|Publication number||US3593162 A|
|Publication date||Jul 13, 1971|
|Filing date||Mar 25, 1969|
|Priority date||Mar 25, 1969|
|Publication number||US 3593162 A, US 3593162A, US-A-3593162, US3593162 A, US3593162A|
|Inventors||Patmore James R|
|Original Assignee||Electronic Associates|
|Export Citation||BiBTeX, EndNote, RefMan|
|Patent Citations (2), Non-Patent Citations (1), Referenced by (13), Classifications (7)|
|External Links: USPTO, USPTO Assignment, Espacenet|
United States Patent Inventor James R. Patmore  References Cited New, UNITED STATES PATENTS Appl. No. 810,195 n 3,395,353 7/1968 Kmg 3-8/111 X F'led 1969 3 513 400 5/1970 R 11 328 147 Patented July 13 971 usse Assignee Electronic Associates Inc. OTHER REFERENCES Long Branch, NJ. ELECTRONIC ANALOG AND HYBRID COMPUTERS by Korn & Korn 1964 McGraw-Hill Bk. Co., Page 220 Primary Examiner-John S'. Heyman Attorneys-Edward A. Petko and Robert M. Skolnik ANALOG COMPARATOR 2 3 nnwmg Figs ABSTRACT: A circuit arrangement for eliminatin noise- 8 US. Cl 328/111, generated ambiguous outputs of an analog comparator is dis- 328/37, 328/94, 328/147, 328/ 158, 328/165 closed providing a number of flip-flops operating in the shift Int. Cl "03k 5/20 register mode resulting in a pulse width discrimination of the Field of Search 328/1 1 1, comparator output directly proportional to the number of flip- 146, 147, 149, 37, 94, 158, 165; 307/234 flops.
/CLOCK a AND line 18 COMPARATOR I AMP E VARIABLE 1 s 1 s 1 s 1 ANALOG T 0 0 VOLTAGE -20 2 f FLIP-FLOP FLIP-FLOP FLIP-FLOP 1 T T T o o c o c 1 4 6 8 INVERTING AMP SHEET 1 OF 2 QQ FTE E PATENIEU JUL 1 3 49m 3, 592 1 62 sum 2 0F 2 CLOCK E I cgocx FIGURE 2 A C D L E i i FIGURE 3 ANALOG COMPARATOR This invention relates to amplitude comparators and, more particularly, to a circuit for providing an improved accuracy output from such comparators in the presence of noise at the input.
The comparators referred to in the present invention are described in section 68 of Electronic Analog and Hybrid Computers by Korn and Korn, published in 1964 by the Me- Graw-Hill Book Company. These comparators produce an output which changes decisively between two definite levels whenever the sum of the comparator input voltages changes sign. This operation constitutes an elementary analog-todigital conversion. The inputs to the comparator are a continually variable analog voltage, and a fixed voltage representing a binary decision derived from timing circuits, other analog comparators, or appropriate digital computer logic.
A number of problems are associated with such comparators, some of which are set forth in the aforementioned section 68. One of the more important of these problems is that of spurious changes in the comparator output caused by random noise in the analog input signal. It will be appreciated that it is desirable to produce a change in state whenever the magnitude of the analog input signal passes the value of the fixed level binary decision voltage. For a slowly increasing or decreasing amplitude analog signals, random noise superimposed thereon causes momentary increases or decreases in analog amplitude. These increases or decreases may be sufficient to produce a fluctuation in relative magnitudes of the analog signal and the fixed level signal sufficient to cause a number of'changes in comparator output state. These output state changes occur at a random rate and are detrimental to overall performance of the computer in which the compara tors are employed.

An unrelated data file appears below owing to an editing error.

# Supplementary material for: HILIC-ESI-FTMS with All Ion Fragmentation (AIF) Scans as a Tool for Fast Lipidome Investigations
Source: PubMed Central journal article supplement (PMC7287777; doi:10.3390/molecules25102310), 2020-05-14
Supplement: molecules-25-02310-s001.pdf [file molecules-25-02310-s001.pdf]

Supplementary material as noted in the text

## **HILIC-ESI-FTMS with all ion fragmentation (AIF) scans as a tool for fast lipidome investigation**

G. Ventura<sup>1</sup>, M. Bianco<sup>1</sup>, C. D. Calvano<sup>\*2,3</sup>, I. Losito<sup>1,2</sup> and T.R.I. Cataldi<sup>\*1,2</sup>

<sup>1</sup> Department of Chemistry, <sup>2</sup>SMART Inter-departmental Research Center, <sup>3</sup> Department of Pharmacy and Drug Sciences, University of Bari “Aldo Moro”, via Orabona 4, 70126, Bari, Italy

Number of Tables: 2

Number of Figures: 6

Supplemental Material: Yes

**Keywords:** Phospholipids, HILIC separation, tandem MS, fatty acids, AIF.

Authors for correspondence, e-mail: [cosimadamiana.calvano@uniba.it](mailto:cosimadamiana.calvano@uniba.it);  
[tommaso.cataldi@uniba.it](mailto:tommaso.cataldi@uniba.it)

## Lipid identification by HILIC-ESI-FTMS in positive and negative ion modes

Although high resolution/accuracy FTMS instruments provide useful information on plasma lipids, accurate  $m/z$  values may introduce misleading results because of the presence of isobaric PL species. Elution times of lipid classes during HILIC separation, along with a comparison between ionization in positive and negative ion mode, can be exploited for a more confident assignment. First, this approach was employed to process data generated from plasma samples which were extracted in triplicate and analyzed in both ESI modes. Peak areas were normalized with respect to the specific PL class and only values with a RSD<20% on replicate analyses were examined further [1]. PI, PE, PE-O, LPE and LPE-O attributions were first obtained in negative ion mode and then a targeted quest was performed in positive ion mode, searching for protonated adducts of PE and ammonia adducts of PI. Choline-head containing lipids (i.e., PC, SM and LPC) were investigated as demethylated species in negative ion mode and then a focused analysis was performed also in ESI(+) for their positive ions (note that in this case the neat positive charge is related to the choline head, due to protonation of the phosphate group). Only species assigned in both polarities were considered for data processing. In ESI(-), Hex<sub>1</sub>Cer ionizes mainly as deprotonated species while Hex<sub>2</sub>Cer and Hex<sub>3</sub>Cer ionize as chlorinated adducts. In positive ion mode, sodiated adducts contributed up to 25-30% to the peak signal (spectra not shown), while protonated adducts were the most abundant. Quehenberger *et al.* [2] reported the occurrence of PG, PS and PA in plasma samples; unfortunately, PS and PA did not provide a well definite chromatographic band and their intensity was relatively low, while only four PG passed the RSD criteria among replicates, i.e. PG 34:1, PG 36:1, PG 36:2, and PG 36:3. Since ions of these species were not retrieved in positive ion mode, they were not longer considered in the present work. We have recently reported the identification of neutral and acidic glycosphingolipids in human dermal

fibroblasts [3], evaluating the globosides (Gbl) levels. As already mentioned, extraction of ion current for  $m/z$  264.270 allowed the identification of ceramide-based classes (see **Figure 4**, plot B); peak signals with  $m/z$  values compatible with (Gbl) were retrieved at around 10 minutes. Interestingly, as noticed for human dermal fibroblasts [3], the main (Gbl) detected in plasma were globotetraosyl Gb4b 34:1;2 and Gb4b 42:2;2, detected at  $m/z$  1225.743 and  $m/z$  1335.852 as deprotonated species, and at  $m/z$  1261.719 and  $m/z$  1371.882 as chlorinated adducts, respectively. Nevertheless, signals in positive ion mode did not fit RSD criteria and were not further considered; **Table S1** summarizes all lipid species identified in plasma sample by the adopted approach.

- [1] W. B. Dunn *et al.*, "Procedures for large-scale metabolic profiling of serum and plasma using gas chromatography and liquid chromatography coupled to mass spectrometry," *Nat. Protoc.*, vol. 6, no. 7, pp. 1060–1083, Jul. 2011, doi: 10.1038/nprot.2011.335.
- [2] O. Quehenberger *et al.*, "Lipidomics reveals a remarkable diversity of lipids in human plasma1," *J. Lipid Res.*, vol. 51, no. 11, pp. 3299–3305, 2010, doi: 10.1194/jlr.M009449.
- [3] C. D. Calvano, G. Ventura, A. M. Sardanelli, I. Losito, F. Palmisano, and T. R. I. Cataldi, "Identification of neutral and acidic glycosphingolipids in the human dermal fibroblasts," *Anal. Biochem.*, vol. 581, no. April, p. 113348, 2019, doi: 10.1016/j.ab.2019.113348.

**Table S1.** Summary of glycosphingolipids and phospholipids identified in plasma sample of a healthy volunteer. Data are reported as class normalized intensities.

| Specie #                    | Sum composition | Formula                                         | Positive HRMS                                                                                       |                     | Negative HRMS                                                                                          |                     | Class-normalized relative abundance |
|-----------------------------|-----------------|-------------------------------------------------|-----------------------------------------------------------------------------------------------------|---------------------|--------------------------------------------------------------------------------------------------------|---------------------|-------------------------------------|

Prior practice has attempted to minimize these spurious comparator output state changes in either of two ways. The comparator circuit itself has been modified by the addition of hysteresis thereto. That is, once the output of the comparator changes state, the analog signal must decrease or increase a predetermined amount before the comparator again changes state. This approach attempts to mask the effect noise by providing limits of amplitude change outside the expected noise level.
The problem with this approach is twofold: first, an amplitude error must be designed into the comparator; and second, the amplitudes of the expected random noise are occasionally greater than the design limits.
Hysteresis is added by the provision of positive feedback to mask the noise. The comparator is, essentially, an output' limited, high-gain, amplifier. When the output changes state, part of the output is fed back and summed with the analog signal. This feedback increases the magnitude of the analog input signal by a predetermined amount to mask a portion of random noise amplitude.
The second approach involves the lowering of the frequency response of the comparator. As the random noise is generally of high frequency, the noise cannot cause the com' parator to change state. However, the analog signal itself is often of a frequency as high or higher than the random noise resulting in a filtering of input signal as well. This elimination of input signal results in a failure of the comparator to change state for high frequency inputs.
This approach is also dependent on the amplitude of the noise pulse because the filter operates by integrating the area of the input pulse. Pulses of less than a predetermined duration but of large amplitude thus have an area sufiicient to cause the comparator to respond.